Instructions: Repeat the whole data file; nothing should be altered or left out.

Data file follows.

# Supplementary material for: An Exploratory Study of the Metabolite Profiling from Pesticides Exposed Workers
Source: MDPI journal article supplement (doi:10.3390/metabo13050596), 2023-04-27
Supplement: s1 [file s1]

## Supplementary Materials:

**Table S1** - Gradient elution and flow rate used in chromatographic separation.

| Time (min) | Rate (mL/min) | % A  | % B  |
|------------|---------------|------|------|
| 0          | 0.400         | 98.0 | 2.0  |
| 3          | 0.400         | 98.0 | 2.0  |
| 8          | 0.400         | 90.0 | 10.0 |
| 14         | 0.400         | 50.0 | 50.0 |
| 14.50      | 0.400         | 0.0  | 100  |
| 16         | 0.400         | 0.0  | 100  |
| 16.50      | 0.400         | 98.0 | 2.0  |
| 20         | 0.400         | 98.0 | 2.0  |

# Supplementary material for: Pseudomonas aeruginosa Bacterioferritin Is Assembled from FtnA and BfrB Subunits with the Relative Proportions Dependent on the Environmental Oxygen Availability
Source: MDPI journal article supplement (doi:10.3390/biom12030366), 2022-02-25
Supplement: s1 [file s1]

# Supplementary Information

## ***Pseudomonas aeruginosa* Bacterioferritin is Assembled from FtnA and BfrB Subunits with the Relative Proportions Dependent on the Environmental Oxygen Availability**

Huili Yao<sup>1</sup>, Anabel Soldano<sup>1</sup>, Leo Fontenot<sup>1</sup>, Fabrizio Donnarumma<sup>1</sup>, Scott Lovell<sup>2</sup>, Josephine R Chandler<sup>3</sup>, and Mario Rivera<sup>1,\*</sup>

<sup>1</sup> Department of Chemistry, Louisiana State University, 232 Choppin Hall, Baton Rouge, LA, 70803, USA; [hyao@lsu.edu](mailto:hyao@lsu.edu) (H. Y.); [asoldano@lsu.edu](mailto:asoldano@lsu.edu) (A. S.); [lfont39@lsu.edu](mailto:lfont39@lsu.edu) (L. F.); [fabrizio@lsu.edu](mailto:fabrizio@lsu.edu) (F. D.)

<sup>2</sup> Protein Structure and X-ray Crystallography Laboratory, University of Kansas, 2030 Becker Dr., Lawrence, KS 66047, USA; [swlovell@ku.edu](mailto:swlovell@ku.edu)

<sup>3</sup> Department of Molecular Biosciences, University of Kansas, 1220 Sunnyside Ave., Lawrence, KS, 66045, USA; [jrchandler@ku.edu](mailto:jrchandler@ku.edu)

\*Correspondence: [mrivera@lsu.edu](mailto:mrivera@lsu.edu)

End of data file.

# Supplementary material for: An Exploratory Study of the Metabolite Profiling from Pesticides Exposed Workers
Source: MDPI journal article supplement (doi:10.3390/metabo13050596), 2023-04-27
Supplement: s1 [file s1]

## Supplementary Materials:

**Table S1** - Gradient elution and flow rate used in chromatographic separation.

| Time (min) | Rate (mL/min) | % A  | % B  |
|------------|---------------|------|------|
| 0          | 0.400         | 98.0 | 2.0  |
| 3          | 0.400         | 98.0 | 2.0  |
| 8          | 0.400         | 90.0 | 10.0 |
| 14         | 0.400         | 50.0 | 50.0 |
| 14.50      | 0.400         | 0.0  | 100  |
| 16         | 0.400         | 0.0  | 100  |
| 16.50      | 0.400         | 98.0 | 2.0  |
| 20         | 0.400         | 98.0 | 2.0  |

# Supplementary material for: Pseudomonas aeruginosa Bacterioferritin Is Assembled from FtnA and BfrB Subunits with the Relative Proportions Dependent on the Environmental Oxygen Availability
Source: MDPI journal article supplement (doi:10.3390/biom12030366), 2022-02-25
Supplement: s1 [file s1]

# Supplementary Information

## ***Pseudomonas aeruginosa* Bacterioferritin is Assembled from FtnA and BfrB Subunits with the Relative Proportions Dependent on the Environmental Oxygen Availability**

Huili Yao<sup>1</sup>, Anabel Soldano<sup>1</sup>, Leo Fontenot<sup>1</sup>, Fabrizio Donnarumma<sup>1</sup>, Scott Lovell<sup>2</sup>, Josephine R Chandler<sup>3</sup>, and Mario Rivera<sup>1,\*</sup>

<sup>1</sup> Department of Chemistry, Louisiana State University, 232 Choppin Hall, Baton Rouge, LA, 70803, USA; [hyao@lsu.edu](mailto:hyao@lsu.edu) (H. Y.); [asoldano@lsu.edu](mailto:asoldano@lsu.edu) (A. S.); [lfont39@lsu.edu](mailto:lfont39@lsu.edu) (L. F.); [fabrizio@lsu.edu](mailto:fabrizio@lsu.edu) (F. D.)

<sup>2</sup> Protein Structure and X-ray Crystallography Laboratory, University of Kansas, 2030 Becker Dr., Lawrence, KS 66047, USA; [swlovell@ku.edu](mailto:swlovell@ku.edu)

<sup>3</sup> Department of Molecular Biosciences, University of Kansas, 1220 Sunnyside Ave., Lawrence, KS, 66045, USA; [jrchandler@ku.edu](mailto:jrchandler@ku.edu)

\*Correspondence: [mrivera@lsu.edu](mailto:mrivera@lsu.edu)